Wondering Why Your Asthma Is Suddenly Improving? Here’s What a Doctor Says

Spring is approaching, and your asthma is…improving? That very well might be the case! While springtime allergies and asthma get lots of attention (and with good reason), your asthma can worsen in the winter. In the spring, allergens like pollen grass can act as triggers—causing asthma symptoms to flare up. However, if you notice that your asthma symptoms are getting better, you're not imagining things.

I know this first hand. As someone who doesn't have severe asthma, I've wondered if another issue could be causing my lungs to forget how to work, my chest to hurt, and my wheezing to be more prominent in the winter. Maybe acid reflux? Not exercising often enough? To get a better idea, I asked a doctor if asthma might be the culprit behind my cold weather symptoms—and the chance is likely. 

In fact, asthma causes more excess winter deaths than other conditions, in which the number of people who die peaks in January and continues into February and March. Asthma is relatively common, too: About 1 in 13 Americans have it"The most common trigger for an asthma attack is getting an upper respiratory infection," says David Beatty, MRCGP, MBBS, DRCOG, a doctor of medicine who's been a general practitioner for over 30 years. He explained this kind of infection is most common in the winter months.

However, you don't have to have an infection for cold weather to exacerbate your asthma, according to Dr. Beatty, the cold weather alone can do it. "Some asthmatics find they get wheezy when going out from a warm indoor temperature to the cold outside," he says. "Many asthmatics struggle when there is a rapid temperature drop in the evening."

Here's how it happens: The dry, cold air can make your muscles spasm and lead to inflammation in your airways. Plus, rainy, windy weather can cause mold, which irritates your lungs and makes breathing harder.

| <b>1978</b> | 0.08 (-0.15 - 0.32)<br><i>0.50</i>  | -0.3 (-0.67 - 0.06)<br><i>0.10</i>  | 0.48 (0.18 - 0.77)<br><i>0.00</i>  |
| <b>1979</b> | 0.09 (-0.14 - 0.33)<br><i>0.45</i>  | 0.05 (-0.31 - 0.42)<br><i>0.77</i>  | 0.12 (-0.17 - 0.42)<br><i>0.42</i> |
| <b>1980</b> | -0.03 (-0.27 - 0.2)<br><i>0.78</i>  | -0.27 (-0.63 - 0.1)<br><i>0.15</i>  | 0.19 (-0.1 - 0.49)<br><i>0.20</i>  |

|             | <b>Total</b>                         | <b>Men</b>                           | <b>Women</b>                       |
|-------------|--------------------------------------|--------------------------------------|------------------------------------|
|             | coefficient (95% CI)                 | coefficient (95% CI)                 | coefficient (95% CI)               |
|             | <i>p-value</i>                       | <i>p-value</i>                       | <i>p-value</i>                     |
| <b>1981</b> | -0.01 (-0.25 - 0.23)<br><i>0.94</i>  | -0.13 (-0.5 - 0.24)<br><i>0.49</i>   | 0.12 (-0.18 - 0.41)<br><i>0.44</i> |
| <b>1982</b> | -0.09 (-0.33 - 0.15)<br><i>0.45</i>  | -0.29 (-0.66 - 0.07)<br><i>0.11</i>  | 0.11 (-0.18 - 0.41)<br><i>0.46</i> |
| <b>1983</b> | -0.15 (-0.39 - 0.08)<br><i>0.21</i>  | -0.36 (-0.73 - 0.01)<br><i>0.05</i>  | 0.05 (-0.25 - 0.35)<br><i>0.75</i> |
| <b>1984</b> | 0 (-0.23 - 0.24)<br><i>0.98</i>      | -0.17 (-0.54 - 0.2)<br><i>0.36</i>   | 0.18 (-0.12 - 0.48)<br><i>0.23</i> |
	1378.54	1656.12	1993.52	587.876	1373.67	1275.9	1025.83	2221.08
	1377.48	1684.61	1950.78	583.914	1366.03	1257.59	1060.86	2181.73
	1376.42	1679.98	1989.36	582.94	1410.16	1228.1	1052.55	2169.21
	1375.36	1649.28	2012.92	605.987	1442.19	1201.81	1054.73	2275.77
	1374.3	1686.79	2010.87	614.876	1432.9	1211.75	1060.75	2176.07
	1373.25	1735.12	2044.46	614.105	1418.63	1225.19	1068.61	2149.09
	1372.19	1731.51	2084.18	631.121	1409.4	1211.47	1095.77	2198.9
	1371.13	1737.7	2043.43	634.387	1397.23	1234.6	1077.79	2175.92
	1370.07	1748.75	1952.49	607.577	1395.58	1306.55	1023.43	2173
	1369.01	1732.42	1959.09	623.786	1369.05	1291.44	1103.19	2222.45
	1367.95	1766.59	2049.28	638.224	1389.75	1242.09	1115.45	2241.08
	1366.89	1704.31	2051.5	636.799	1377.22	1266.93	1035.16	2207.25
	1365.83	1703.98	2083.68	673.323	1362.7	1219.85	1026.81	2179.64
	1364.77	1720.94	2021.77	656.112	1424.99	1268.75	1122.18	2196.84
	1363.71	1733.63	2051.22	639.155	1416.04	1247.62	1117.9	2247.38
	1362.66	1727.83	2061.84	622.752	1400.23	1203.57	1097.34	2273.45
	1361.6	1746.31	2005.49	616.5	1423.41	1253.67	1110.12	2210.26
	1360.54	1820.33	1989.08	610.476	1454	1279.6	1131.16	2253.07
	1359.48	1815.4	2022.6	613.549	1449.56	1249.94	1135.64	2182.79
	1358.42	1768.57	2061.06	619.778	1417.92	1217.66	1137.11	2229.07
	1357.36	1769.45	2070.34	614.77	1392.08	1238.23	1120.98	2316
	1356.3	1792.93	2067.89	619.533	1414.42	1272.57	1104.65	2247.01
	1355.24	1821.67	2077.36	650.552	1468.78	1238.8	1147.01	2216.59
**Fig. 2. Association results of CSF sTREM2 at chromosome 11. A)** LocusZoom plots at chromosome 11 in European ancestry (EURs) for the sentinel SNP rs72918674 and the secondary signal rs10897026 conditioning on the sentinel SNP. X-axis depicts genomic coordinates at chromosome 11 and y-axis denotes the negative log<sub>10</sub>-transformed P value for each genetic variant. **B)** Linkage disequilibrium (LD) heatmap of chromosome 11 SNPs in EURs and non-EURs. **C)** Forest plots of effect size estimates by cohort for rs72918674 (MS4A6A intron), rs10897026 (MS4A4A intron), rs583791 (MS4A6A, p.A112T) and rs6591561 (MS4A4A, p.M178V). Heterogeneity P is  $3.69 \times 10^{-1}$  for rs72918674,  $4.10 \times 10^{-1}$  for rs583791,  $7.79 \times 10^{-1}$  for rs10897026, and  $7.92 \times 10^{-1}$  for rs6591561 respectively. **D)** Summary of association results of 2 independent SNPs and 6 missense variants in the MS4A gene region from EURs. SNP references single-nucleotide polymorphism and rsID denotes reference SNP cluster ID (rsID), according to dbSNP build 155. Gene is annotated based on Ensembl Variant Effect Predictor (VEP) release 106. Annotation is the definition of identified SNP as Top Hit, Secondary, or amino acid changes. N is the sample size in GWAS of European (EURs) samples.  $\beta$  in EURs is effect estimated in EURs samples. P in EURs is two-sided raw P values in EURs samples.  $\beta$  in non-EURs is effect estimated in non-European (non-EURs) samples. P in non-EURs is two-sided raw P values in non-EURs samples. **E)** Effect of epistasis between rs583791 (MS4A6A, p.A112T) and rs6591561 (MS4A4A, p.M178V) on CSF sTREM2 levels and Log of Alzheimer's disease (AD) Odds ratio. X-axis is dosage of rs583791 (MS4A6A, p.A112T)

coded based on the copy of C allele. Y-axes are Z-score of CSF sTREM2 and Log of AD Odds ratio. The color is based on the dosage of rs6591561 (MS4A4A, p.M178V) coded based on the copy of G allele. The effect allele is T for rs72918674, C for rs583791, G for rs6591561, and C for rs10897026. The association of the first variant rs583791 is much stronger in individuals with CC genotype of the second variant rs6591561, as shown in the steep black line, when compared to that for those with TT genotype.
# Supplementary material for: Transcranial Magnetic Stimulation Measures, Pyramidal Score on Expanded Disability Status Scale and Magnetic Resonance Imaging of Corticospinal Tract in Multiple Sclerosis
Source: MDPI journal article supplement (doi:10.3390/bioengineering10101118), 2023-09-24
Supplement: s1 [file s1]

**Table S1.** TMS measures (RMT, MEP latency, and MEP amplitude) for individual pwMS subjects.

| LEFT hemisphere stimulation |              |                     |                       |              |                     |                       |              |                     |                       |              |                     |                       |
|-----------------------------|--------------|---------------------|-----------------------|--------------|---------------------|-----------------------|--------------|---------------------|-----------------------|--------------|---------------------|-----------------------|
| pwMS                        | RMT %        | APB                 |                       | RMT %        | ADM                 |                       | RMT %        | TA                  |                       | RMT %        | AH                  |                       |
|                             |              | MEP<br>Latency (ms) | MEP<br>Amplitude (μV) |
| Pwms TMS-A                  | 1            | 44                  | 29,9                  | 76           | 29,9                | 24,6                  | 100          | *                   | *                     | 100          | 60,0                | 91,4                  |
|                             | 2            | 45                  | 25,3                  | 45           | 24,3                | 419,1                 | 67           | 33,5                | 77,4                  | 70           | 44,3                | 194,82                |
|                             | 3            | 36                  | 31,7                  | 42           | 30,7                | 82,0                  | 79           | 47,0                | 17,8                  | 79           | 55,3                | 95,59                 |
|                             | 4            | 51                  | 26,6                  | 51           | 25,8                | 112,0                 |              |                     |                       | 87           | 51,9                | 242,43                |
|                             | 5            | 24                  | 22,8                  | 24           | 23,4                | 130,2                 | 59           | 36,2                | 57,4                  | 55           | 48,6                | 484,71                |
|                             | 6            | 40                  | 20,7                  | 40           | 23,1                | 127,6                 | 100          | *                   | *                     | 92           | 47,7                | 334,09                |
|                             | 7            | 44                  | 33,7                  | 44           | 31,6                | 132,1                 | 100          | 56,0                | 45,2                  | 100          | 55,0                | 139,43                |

How to control your asthma when facing the elements

If your asthma gets worse in cold weather (or even rainy, windy conditions), Dr. Beatty first recommends getting all of your vaccines, including the ones for the flu, COVID, and those you get as a child, since those conditions can worsen asthma. Additionally, remember other best practices, like trying to keep your distance from people who have a cough.

Then, when you're going out, do it slowly and dress right. When you're transitioning from a warm to a cold environment, Dr. Beatty suggests doing so gradually. He says simple measures like using a scarf around your mouth and nose (or wearing a mask) may prevent keep symptoms at bay.

And, if your symptoms get worse during the spring, please know that's normal, too. If you haven't already, talk to your doctor ASAP because this time between seasons when the weather changes can trigger asthma symptoms. It's not just the cold, dry air—the hot, humid air can also do it.

Here's the bottom line: Even though springtime allergens get lots of attention, going outside in the winter—or even when it's just cold out—can exacerbate your asthma (ugh). But, taking precautions, such as doing it gradually, covering your mouth and nose with a scarf, and seeing a doctor, can make it more bearable (phew).

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